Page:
The power of the Pawn

Filed under Chess Strategy
Tagged as , , , , , ,

A Pawn storm on a chessboard can be as devastating as Hurricane Katrina!

fig16
White has just moved his Rook to b3. You can see that, in terms of chess pieces, White has material advantage in the form of a Rook against Black’s Bishop. But Black has a superiority in terms of Pawns which came as a result of an exchange sacrifice by Black a few moves earlier. Morover, Black’s four pawns on the Queenside are massed against a single pawn of White. White’s King is also fairly exposed. Look how Black uses his pawns for a march to the White King with support from his Queen and the Bishop (notice the long open g6-b1 diagonal to the White King) and Rook also ready to join the battle.

1. d4  
2. Qe6 c5  
3. Re2 c4  
4. Ra3 Qb4  
5. Rf3 Rb8  
6. Qe7 c3  
7. Qxb4 axb4  
8. Re6 Kg8  
9. Resigns  

 

fig17

White is looking really helpless against the pawn phalanx and will have to give up a Rook and even that may only be a temporary relief.

Does it remind you of the word “juggernaut”?

 

Another Pawn Storm: But no hurricane, just a long-lasting storm

How to launch attack on enemy King’s position? A common advice says: use pawn advance when players have castled on opposite sites, use pieces when castled on the same side. The following game by Fischer as White disregards the common wisdom and the pawn attack starts as early as the tenth move!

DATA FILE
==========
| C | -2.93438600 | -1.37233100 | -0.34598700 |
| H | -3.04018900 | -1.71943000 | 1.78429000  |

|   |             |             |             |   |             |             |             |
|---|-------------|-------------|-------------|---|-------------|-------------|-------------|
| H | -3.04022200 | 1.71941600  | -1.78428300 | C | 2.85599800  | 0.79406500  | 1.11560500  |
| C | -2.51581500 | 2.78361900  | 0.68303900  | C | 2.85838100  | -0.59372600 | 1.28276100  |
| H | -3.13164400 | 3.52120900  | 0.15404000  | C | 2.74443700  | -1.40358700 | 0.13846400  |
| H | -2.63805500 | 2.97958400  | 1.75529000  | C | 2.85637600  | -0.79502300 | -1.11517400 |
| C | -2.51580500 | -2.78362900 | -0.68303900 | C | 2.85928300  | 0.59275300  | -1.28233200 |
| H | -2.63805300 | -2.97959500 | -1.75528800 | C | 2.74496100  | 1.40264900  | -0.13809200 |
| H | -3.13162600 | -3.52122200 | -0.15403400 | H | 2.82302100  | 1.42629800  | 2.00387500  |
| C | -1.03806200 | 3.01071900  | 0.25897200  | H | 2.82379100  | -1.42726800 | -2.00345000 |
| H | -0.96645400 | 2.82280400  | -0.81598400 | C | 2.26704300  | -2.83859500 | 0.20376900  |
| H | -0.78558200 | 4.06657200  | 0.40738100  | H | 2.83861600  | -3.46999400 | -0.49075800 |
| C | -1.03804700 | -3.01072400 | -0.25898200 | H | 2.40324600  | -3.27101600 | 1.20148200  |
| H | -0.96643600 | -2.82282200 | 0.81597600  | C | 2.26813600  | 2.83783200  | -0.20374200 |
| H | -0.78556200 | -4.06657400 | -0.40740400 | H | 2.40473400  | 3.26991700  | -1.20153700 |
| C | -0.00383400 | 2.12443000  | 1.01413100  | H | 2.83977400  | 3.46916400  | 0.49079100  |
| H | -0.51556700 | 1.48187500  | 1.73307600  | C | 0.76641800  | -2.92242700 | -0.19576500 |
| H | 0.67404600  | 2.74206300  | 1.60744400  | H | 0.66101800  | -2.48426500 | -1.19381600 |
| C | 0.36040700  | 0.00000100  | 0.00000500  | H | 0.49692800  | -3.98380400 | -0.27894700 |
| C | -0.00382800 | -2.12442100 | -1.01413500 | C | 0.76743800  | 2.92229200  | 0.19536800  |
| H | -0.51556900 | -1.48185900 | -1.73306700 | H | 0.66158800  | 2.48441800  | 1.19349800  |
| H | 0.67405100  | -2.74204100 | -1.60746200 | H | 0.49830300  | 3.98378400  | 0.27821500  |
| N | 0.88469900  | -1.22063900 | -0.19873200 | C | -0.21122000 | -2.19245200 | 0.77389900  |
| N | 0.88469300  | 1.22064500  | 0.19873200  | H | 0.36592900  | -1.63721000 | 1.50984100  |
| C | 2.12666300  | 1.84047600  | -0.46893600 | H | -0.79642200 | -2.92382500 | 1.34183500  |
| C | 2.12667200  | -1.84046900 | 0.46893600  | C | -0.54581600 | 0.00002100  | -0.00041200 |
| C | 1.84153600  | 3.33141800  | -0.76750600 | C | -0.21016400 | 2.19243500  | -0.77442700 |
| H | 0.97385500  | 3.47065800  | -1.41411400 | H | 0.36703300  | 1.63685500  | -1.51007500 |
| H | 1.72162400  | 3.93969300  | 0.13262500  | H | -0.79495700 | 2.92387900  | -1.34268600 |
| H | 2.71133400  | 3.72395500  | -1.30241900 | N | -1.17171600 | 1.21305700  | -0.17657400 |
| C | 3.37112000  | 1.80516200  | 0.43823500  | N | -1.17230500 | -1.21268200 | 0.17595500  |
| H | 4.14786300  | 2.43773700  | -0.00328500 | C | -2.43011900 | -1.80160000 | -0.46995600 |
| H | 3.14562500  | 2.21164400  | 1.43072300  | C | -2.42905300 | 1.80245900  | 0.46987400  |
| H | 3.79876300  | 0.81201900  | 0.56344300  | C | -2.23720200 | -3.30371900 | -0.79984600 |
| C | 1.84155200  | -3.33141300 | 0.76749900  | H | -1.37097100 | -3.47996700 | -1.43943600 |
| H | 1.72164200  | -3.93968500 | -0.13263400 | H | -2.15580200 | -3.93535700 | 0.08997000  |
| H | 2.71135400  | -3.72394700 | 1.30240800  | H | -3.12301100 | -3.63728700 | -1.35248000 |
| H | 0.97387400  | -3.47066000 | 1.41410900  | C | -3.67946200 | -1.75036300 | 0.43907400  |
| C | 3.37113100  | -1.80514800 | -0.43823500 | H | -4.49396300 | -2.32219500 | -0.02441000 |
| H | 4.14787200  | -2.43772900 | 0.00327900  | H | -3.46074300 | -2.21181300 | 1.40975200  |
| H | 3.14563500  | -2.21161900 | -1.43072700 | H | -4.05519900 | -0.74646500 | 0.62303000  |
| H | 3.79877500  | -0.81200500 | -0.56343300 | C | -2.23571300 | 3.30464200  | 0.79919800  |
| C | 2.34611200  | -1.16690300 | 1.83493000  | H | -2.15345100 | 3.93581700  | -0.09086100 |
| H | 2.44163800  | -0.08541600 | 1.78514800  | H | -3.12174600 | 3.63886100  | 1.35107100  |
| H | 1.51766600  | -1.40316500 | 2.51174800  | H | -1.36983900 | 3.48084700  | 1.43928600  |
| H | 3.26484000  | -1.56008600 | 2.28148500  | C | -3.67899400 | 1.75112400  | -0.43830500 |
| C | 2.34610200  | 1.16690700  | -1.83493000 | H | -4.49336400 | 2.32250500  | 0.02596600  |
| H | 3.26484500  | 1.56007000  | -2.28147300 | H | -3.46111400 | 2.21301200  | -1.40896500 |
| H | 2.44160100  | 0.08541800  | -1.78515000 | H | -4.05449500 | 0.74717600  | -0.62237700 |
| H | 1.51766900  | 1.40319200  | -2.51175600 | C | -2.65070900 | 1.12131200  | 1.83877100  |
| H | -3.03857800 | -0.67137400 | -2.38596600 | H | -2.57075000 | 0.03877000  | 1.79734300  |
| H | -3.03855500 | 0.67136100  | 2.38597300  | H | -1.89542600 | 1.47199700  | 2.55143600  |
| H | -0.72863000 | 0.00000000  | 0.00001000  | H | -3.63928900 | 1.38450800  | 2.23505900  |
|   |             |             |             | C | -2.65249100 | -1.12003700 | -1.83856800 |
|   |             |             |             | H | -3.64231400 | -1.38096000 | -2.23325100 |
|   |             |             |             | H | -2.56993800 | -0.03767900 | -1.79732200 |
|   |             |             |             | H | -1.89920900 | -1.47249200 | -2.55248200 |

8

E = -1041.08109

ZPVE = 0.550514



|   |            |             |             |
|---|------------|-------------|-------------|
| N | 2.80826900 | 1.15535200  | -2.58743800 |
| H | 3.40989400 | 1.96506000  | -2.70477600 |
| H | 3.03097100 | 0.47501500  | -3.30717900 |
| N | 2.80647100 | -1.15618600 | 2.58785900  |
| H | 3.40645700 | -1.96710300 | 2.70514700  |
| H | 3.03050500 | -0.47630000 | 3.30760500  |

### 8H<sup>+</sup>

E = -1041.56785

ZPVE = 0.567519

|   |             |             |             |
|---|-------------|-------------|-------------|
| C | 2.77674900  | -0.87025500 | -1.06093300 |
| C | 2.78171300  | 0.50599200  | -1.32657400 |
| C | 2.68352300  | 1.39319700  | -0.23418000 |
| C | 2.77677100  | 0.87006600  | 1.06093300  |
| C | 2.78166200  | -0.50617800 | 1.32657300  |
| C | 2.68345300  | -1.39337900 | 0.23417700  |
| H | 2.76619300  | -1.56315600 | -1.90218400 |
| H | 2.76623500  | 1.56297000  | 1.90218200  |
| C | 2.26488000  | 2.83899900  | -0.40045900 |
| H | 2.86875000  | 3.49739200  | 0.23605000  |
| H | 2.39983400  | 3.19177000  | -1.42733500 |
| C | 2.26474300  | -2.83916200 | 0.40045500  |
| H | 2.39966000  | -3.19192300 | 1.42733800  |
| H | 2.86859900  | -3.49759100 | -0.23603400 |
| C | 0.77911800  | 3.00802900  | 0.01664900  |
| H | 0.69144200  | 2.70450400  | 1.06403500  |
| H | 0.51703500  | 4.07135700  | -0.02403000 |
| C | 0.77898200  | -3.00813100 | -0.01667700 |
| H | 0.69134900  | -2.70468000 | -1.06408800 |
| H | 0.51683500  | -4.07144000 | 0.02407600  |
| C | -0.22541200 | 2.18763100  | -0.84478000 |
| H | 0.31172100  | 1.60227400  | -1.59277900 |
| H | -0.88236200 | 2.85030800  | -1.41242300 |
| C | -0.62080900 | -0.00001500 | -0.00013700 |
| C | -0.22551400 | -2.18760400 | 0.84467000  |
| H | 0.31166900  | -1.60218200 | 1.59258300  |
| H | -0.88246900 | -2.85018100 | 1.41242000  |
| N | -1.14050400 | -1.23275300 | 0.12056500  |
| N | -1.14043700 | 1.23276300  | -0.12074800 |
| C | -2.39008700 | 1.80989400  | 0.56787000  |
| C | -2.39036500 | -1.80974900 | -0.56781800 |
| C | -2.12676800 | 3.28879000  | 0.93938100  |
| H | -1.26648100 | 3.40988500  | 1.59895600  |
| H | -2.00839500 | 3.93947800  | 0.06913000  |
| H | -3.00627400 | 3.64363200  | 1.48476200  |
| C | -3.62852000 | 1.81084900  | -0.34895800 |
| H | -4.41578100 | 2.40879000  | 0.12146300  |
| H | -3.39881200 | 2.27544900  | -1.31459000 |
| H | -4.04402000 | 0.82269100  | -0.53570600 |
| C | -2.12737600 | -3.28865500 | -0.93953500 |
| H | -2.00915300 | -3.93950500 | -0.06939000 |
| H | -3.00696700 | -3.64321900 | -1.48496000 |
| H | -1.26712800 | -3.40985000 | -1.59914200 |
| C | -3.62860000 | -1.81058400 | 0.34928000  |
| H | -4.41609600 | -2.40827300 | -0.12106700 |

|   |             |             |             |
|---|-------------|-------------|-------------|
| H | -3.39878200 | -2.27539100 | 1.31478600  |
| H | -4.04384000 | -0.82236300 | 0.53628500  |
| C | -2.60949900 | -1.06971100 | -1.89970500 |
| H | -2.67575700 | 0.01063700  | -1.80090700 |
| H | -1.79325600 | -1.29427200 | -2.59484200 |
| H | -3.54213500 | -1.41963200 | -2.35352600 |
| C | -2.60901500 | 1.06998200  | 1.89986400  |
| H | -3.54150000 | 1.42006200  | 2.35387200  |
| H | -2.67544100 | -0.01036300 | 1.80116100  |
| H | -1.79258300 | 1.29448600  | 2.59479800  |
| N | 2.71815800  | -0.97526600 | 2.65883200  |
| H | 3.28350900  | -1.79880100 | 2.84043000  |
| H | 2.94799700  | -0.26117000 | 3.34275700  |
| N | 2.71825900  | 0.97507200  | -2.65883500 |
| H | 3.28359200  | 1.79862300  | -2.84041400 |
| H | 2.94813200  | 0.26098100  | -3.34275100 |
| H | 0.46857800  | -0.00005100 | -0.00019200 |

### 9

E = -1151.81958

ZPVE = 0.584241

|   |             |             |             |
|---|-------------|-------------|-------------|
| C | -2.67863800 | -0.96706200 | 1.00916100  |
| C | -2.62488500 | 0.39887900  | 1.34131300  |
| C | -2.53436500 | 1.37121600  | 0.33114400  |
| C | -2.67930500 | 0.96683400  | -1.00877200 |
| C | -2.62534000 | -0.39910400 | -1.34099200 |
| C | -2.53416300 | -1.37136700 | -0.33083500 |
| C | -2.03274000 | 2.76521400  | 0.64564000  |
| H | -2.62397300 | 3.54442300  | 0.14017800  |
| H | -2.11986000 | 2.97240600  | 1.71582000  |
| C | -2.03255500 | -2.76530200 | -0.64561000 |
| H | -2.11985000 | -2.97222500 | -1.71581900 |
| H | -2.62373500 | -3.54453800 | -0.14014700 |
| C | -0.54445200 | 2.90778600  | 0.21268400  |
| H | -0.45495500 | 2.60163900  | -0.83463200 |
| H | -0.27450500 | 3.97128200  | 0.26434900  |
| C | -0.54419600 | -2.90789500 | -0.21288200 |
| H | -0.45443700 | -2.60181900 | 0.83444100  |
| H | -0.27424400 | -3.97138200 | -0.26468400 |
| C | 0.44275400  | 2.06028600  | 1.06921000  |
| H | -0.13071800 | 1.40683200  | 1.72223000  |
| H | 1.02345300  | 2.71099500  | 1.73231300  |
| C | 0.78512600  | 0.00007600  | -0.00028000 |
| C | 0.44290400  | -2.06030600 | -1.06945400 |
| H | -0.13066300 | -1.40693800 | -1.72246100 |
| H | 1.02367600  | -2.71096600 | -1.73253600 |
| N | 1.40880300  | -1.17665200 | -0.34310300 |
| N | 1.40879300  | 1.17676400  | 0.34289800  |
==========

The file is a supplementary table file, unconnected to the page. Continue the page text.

At the given position, you will see that White’s pieces are much better developed while Black seems to have a cramped position. This has been due to the retarded position of his central pawns. Fischer takes advantage of his greater space to start his attack.

It is instructive to go through the moves to see how such an attack can be orchestrated.

fig18

1. f4 Na5  
2. Qf3 Qc7  
3. g4 Nxb3  
4. axb3 Rb8  
5. g5 Nd7  
6. f5 Ne5  
7. Qg3 Kh8  
8. Nf5 Nxf3+  
9. Rxf3 b5  
10. Qh4 exf5  
11. exf5 Qc6  
12. Raf1 Bb7  
13. Bd4 b4  
14. Bxg7+ Kxg7  
15. Qh6+ Kh8  
16. g6 Qc5+  
17. R1f2 fxg6  
18. fxg6 Qg5+  
19. Qxg5 Bxg5  
20. Rxf8+ Rxf8  
21. Rxf8+ Kg7  
22. gxh7 Resigns  

 

Black King has to go for White’s Pawn, allowing the Rook to capture the QB after the check. White’s Rook and Knight plus the passed pawn at h2 against Black’s single Bishop are more than enough to win the game.

 

Tit for Tat in Chess Tactics?

White was considered the best player in the world when this game was played in the 19th century, and he was famous for his sacrificial attacks. But here, he was paid in his own coin by a player who is practically unknown today.

fig19

It will look that each player was trying to challenge the other to refute his tactical move! But Black had the last laugh. The game proceeded:

1. Nf6 gxf6  
2. exf6 Rg8  
3. fxe7 Rxg3  
4. e8=Q+ Kh7  
5. Nh4 Qd4  
6. Qe7 Qxf2+  
7. Kh1 Qxg2+  
8. Nxg2 Rh3#  

 

Black’s Qxf2 was expected but what about Qxg2? And look at the irony of it all. White gave a Queen to get back his Queen, Black gave a Queen to get opponent’s King!

 

Chess Trivia

I found a very interesting anecdote in Wikipedia.

The 1961 chess tournament at Bled, Slovenia is considered among the strongest tournaments in chess history. Bobby Fischer was among the participants.

It seems Fischer said that he intended to beat “all the Russians” at the tournament. Paul Keres reminded him that there were no “Russians” in the tournament! Mikhail Tal was a Latvian, Petrosian an Armenian, Efim Geller a Ukrainian, and Keres himself was an Estonian!

In any case, Fischer remained the only unbeaten player in the tournament and defeated the ultimate winner Mikhail Tal (a former World Champion, Fischer was yet to become one). Fischer came second after Tal.

 

Post a Comment

Your email is never published nor shared. Required fields are marked *

*
*